“The key thing was to continue to communicate,” Affuso says. “We had a town hall (meeting) and told everybody what was going on. We didn’t sugarcoat anything. We told them the truth, where it was and what was going on and where everybody fits, and what we had to do to get out of the situation we were in. We had to paint a picture going forward.

“What we laid out for them was that we had to do some cuts and employee reductions. We had synergies we had to achieve. We had two of everything. We said, ‘Look, we’re going to have to have some reductions in force. We can’t get through this with all of the populations we have.’”

About 700 of the company’s then-5,200 employees were cut. Affuso says the cuts were handled quickly and gently. Employee whose jobs were ending were told they would be able to work for the company for another six months, and they were given a special compensation package if they stayed through the entire period.

“It was kind, but it was also self-serving because we needed those people on board,” Affuso says. “We could have kept them on board and let them go six months later and just not tell them. But we thought it was more effective and it would have higher integrity with everyone if we told them up front what their future was.”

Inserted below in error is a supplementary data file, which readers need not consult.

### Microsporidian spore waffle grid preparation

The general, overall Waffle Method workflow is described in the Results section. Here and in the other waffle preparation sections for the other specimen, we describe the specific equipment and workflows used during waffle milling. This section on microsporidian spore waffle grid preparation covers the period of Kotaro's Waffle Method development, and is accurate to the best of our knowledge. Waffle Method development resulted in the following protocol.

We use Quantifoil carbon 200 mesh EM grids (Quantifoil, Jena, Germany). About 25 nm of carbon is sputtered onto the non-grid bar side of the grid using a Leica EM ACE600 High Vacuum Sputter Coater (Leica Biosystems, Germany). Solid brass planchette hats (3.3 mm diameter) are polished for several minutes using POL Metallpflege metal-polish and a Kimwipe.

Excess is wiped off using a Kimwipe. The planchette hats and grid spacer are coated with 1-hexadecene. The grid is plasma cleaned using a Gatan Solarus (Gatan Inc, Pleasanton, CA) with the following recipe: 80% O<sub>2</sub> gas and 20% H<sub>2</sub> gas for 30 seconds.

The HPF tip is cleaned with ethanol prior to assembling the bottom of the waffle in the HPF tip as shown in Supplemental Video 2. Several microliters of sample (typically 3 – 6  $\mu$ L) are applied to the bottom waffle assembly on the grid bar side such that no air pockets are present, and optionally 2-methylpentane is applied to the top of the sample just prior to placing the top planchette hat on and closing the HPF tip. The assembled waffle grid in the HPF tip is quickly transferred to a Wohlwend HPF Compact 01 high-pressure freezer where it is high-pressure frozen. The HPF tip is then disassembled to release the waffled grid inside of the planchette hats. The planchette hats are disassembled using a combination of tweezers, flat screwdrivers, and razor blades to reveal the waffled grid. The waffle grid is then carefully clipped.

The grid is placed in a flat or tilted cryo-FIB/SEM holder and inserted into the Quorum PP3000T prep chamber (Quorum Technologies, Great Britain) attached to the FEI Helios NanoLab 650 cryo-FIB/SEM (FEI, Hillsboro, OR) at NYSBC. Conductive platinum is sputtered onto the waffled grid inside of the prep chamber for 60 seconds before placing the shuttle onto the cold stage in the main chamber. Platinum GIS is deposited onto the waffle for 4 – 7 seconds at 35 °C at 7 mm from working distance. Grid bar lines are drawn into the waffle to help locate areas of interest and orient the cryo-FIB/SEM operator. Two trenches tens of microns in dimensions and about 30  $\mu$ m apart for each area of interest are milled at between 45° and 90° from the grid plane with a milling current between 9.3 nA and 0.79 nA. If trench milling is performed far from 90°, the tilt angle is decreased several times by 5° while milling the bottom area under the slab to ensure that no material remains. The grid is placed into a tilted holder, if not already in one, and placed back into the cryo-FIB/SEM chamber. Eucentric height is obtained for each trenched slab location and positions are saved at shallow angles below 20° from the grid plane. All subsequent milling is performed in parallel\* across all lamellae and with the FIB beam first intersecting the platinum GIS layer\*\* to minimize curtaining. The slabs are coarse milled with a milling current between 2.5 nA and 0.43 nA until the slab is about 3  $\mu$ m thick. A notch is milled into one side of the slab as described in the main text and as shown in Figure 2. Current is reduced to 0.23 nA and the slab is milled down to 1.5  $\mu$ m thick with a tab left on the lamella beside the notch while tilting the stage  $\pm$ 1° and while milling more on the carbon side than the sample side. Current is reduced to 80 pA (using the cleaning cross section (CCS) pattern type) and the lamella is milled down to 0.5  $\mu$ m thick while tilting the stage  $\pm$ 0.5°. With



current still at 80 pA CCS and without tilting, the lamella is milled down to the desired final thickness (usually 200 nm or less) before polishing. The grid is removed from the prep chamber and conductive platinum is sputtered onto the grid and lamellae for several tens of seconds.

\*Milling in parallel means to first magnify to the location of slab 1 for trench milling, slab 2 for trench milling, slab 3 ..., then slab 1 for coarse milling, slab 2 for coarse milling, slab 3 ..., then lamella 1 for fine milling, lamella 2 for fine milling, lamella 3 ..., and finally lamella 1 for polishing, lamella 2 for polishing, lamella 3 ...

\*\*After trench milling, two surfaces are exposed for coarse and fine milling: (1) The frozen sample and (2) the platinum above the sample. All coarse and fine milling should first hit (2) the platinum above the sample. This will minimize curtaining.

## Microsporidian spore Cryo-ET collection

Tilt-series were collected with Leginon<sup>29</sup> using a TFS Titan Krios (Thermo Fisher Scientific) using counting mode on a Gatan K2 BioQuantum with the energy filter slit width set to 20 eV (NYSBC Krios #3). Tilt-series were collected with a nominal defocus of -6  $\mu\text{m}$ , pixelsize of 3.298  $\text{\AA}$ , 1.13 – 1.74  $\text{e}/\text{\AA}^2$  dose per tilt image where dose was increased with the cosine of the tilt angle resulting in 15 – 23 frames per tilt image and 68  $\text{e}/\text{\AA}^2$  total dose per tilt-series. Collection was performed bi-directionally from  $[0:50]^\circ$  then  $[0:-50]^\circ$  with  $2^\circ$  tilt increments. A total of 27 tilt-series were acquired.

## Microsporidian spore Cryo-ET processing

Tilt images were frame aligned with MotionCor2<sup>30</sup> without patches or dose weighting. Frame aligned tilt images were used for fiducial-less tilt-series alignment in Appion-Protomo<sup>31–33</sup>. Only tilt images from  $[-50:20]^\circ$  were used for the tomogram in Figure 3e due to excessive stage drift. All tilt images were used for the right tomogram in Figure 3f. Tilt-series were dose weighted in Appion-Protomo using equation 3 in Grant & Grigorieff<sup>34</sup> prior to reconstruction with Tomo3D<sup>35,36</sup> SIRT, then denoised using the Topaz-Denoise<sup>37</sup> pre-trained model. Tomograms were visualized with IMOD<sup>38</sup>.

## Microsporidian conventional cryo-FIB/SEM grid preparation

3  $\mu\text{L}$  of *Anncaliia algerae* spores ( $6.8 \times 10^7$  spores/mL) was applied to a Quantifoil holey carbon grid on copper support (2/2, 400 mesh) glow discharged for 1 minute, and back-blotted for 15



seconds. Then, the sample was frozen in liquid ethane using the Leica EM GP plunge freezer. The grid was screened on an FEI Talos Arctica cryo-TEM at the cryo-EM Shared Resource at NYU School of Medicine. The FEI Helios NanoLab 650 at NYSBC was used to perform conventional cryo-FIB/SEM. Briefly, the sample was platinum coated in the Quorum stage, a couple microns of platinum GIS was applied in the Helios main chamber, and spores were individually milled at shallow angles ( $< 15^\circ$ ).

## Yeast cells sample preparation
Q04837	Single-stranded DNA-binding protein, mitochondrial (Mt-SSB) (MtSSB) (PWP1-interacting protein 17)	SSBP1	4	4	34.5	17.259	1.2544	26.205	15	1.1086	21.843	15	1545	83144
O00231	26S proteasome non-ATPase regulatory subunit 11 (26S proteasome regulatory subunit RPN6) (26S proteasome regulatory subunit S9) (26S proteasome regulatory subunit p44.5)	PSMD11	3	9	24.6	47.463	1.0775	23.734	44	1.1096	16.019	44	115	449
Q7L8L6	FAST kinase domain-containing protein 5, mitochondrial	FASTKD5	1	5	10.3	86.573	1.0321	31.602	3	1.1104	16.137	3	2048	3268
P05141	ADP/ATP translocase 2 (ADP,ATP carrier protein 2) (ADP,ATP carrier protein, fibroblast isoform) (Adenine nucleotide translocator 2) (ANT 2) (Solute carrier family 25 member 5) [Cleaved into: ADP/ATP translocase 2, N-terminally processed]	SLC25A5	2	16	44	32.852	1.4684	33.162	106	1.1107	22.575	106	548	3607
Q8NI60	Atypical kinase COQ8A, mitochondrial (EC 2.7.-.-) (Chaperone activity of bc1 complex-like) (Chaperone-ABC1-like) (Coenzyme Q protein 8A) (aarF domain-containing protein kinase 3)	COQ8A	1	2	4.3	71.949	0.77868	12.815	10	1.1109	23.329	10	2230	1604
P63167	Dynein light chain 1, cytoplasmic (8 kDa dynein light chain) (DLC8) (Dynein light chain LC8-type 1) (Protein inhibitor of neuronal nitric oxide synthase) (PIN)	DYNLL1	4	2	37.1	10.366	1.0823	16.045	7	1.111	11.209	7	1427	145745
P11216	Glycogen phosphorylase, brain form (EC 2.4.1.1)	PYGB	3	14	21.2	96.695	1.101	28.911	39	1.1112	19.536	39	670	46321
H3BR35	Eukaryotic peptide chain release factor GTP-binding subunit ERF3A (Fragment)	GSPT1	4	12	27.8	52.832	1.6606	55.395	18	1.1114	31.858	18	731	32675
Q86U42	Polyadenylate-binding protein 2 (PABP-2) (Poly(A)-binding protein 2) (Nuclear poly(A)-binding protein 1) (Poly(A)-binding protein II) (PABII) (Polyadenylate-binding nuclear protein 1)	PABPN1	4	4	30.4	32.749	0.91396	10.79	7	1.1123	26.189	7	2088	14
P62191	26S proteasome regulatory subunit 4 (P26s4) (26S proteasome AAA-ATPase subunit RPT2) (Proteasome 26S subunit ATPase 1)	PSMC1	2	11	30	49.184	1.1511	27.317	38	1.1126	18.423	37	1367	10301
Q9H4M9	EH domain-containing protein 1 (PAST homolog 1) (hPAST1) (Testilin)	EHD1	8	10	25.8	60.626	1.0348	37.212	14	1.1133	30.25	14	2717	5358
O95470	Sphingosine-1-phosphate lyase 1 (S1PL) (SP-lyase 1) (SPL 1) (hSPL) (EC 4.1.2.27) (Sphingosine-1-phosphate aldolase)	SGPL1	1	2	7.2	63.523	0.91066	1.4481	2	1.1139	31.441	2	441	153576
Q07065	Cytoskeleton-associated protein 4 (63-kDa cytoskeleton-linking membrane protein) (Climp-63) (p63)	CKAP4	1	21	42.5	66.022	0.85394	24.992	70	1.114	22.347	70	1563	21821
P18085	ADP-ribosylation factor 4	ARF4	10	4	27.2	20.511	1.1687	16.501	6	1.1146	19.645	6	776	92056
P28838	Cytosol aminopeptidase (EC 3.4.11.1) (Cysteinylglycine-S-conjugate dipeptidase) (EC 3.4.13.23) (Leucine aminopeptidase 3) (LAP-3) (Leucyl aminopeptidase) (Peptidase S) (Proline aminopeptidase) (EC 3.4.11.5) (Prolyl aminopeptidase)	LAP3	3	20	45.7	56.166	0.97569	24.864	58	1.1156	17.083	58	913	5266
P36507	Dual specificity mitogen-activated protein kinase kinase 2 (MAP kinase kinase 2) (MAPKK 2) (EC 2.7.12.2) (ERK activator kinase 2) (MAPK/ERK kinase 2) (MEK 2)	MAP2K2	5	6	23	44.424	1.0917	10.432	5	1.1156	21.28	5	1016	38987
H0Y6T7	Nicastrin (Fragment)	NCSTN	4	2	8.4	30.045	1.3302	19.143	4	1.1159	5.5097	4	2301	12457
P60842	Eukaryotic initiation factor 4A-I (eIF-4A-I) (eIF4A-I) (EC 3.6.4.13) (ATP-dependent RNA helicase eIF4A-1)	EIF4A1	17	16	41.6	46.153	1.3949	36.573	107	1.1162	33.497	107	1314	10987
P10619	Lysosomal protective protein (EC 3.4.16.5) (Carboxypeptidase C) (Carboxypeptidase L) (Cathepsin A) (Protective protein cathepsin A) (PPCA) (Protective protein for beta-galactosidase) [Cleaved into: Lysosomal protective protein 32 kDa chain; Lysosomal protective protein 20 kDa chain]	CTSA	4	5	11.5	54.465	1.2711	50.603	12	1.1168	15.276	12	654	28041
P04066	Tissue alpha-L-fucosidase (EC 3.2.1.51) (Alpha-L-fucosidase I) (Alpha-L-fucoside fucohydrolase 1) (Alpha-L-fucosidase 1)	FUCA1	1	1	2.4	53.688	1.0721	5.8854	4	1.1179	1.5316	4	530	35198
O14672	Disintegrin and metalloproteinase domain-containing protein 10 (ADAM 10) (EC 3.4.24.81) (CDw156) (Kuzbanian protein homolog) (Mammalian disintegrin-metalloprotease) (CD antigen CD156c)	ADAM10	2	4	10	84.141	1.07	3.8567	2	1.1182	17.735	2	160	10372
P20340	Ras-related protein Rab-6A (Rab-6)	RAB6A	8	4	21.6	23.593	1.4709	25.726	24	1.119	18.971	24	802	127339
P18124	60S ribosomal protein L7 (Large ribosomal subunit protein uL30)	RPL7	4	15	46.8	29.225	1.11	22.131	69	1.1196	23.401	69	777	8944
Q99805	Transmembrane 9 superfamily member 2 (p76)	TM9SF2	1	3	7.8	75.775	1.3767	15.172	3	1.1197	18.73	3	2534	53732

The handling of the situation helped those who kept their jobs feel better about the company. Affuso says quick decisions are crucial when layoffs are imminent.

“You can get into a situation where you have a rumor mill going on,” Affuso says. “Instead of working every day and worrying about customer satisfaction, they are worrying about their own jobs, and rumors start spreading. They become increasingly negative. The sooner you get that behind you, the better. You get it done in one day, one week, and then you move forward.”

Affuso used the same honest approach with his customers.